1. Chemical addiction

      Dr. Neal Barnard M.D., of the Physicians Committee for Responsible Medicine, has this to say6,

      “There is a drug used in emergency rooms called naloxone. It’s used for heroin overdose. A guy comes in overdosed on heroin, comatose, he’s going to die. If you inject him with this drug and it blocks the opiate receptors in the brain, heroin doesn’t work, he wakes up. If I give that same drug to a real chocolate addict, a person who just shovels it in, you find the most amazing thing. They lose much of their interest in chocolate. They take a bite, they set it back down.

      In other words, it’s not the “taste in the mouth” feel, it’s the drug effect of the food in the brain which keeps us coming back”.

      Dr. Barnard further explains –

      “If you look at the menu at a fast food restaurant, they use all of the addicting components. They’ll take a slab of meat, cover it with cheese – cheese, of course, which is filled with casomorphins, the opiates that are found in cheese protein. And then they serve it with a sugary soda, which has the addictive power of sugar, with plenty of added caffeine” (Caffeine is a highly addictive drug. Plus, you learned in the chapter on wheat that wheat also has opiate-like substances in it).

      This chemical addiction is so bad, that scientists found that rats fed nothing but junk food from the supermarket (bacon, sausage, cheese cake etc) for long enough, not only got obese – they voluntarily starved themselves when later offered nothing but healthy food. It got so bad, that after 40 days of addiction, the rats were willing to put up with painful electric shocks to the feet, just so they could get hold of more junk food!

      We need to make new laws where addictive food is concerned. As Pediatric Endocrinologist Dr. Robert Lustig says, free speech does not work with addictive substances, especially where children are concerned8.

      1. Emotional addiction

      Banzhaf III, Law Professor, George Washington University9 has this to say:

      “A secret study by one of the tobacco companies had the ominous title of something like ‘Brand Imprinting for later actuation in life’ ”.

      You can bet that the junk food companies have something similar. That’s why junk food companies spend so much on advertising to children. They want you to have commands in your brain to eat their food, combined with good feelings from childhood, buried in your mind. For example, the average American child sees a whopping 10,000 ads per year for things to eat and drink. 95% of these ads are for fast food, candy, soft drinks and cereals, none of which are nutritious.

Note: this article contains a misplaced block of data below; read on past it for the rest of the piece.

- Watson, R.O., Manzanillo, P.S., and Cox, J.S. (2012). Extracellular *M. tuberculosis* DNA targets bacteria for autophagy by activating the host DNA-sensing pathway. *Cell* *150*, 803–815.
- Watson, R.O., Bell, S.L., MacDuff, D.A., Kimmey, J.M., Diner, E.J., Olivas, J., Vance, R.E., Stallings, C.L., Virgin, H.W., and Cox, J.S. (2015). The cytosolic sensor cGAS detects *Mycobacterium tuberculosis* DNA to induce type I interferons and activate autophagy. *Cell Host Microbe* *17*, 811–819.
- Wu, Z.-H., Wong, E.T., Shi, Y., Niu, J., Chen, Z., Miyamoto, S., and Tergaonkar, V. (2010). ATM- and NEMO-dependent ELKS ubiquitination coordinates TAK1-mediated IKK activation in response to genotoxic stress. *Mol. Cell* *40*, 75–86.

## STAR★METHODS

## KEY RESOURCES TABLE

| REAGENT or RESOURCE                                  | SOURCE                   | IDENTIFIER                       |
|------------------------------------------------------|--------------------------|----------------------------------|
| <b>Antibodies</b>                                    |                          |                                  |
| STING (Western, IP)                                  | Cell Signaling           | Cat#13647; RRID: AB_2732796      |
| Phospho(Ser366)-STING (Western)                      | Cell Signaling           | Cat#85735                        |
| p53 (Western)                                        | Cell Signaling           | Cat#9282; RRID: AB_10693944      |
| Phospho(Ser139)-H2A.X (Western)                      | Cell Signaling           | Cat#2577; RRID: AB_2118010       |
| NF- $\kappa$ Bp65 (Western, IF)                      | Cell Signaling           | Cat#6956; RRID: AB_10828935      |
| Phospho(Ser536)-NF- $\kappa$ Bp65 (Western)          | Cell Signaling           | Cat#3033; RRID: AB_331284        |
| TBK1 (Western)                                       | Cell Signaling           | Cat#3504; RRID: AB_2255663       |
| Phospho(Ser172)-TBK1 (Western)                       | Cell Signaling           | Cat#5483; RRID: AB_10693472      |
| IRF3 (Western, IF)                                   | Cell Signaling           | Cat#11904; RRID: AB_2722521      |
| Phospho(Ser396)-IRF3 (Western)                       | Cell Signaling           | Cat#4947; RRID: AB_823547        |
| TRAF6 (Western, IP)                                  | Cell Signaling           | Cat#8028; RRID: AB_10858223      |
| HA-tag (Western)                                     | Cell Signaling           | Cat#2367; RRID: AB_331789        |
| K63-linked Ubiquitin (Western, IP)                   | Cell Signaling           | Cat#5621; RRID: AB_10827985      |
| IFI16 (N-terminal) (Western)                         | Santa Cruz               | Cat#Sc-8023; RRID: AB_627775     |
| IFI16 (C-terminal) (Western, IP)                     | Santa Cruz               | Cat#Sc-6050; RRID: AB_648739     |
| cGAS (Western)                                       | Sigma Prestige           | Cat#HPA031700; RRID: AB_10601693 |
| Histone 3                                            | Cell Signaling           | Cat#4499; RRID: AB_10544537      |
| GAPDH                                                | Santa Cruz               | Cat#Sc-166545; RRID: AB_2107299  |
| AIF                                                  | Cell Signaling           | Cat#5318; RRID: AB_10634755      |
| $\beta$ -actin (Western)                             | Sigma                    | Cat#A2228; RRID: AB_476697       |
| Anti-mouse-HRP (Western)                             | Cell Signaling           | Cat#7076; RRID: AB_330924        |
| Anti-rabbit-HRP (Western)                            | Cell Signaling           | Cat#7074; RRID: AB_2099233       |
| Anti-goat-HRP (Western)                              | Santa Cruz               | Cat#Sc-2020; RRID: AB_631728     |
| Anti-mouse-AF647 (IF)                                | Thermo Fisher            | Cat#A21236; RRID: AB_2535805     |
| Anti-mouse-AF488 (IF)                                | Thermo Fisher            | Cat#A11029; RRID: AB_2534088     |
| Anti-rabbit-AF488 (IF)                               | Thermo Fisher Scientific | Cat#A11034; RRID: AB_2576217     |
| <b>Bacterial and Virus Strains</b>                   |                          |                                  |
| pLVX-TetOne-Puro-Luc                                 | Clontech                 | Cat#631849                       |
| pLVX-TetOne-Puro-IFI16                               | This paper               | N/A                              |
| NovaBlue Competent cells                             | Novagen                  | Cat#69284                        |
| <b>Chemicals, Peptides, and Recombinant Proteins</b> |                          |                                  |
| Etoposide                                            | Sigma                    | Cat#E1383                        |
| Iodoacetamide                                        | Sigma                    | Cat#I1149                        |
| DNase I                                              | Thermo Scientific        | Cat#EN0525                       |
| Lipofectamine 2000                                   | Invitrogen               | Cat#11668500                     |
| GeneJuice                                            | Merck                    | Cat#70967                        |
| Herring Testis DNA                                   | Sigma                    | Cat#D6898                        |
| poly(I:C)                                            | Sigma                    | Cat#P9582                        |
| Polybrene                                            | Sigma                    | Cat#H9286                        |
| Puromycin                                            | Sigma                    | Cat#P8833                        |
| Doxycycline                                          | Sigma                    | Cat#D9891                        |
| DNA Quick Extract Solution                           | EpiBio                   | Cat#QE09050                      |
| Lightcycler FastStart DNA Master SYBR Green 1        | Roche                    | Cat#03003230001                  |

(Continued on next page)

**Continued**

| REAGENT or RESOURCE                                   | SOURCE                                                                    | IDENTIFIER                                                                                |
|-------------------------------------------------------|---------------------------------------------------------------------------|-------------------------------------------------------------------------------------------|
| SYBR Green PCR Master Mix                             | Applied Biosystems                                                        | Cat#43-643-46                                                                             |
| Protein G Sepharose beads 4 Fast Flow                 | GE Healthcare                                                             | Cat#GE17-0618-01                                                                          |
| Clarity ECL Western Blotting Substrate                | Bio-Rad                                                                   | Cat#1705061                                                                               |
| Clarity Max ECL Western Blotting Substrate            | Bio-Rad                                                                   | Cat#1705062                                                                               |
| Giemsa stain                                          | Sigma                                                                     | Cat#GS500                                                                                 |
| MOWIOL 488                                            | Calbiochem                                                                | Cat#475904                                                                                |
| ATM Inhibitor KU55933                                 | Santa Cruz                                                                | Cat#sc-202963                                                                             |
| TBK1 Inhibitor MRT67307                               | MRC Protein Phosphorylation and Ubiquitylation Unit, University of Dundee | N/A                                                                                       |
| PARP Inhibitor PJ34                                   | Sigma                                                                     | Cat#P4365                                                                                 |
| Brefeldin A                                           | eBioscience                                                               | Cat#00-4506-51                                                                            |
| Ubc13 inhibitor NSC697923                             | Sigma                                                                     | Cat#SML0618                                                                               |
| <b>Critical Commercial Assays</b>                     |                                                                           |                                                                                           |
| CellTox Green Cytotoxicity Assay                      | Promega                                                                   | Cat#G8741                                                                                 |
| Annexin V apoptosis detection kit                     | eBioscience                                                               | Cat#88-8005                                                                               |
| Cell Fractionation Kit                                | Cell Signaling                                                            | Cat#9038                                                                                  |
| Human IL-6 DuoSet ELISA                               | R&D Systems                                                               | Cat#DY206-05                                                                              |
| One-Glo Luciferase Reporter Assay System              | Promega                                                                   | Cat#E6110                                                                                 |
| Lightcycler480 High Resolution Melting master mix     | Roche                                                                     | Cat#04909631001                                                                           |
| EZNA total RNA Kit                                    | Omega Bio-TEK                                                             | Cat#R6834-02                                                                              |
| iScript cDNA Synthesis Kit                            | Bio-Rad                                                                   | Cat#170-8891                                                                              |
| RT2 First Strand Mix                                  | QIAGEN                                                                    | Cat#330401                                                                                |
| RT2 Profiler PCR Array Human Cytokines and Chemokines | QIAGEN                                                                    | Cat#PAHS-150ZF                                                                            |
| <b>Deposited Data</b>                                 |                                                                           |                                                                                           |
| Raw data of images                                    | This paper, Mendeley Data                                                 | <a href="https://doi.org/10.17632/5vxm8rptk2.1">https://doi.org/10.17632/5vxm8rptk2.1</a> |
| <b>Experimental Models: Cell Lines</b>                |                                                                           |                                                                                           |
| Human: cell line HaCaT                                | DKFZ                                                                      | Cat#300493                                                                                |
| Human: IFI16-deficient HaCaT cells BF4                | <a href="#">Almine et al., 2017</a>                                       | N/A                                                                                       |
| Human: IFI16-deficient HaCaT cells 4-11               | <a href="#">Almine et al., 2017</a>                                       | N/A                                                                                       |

Don’t go thinking it’s just McDonalds, either. All junk food and pre-packaged food is contributing to fat gain, because of the toxins and excess calories which they contain.

      Any food outlet which does not give you a list of all their ingredients is suspect. I am not talking about a chart that says how many calories or grams of fat are in the food, but what is in the food. In fact, even with the list of ingredients, you still don’t get to know the quantity of each ingredient. Listen to a quote from the lawsuit against McDonalds:

      “McDonald’s claims that …it is… a matter of common knowledge that any processing that its foods undergo serve to make them more harmful than unprocessed foods.”

  6. How they are born is really only half of it. A person can be born into a perfect environment, nurtured correctly, and still go on to commit terrible acts. Or, a totally normal person can be exposed to so much inhumanity that they can eventually be capable of committing terrible acts. But usually it’s a complex balance between the two, making it impossible to predict.
    Alternatively, a “diagnosed” psychopath could live an entire life without hurting others.
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    [–]BertDeathStare 57 points 4 hours ago
    Or, a totally normal person can be exposed to so much inhumanity that they can eventually be capable of committing terrible acts. But usually it’s a complex balance between the two, making it impossible to predict.
    This is almost always the case with serial killers.
    Look up any serial killer, 9 times out of 10 they had a terrible childhood full of abuse.
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    [–]JimJonesIII 53 points 4 hours ago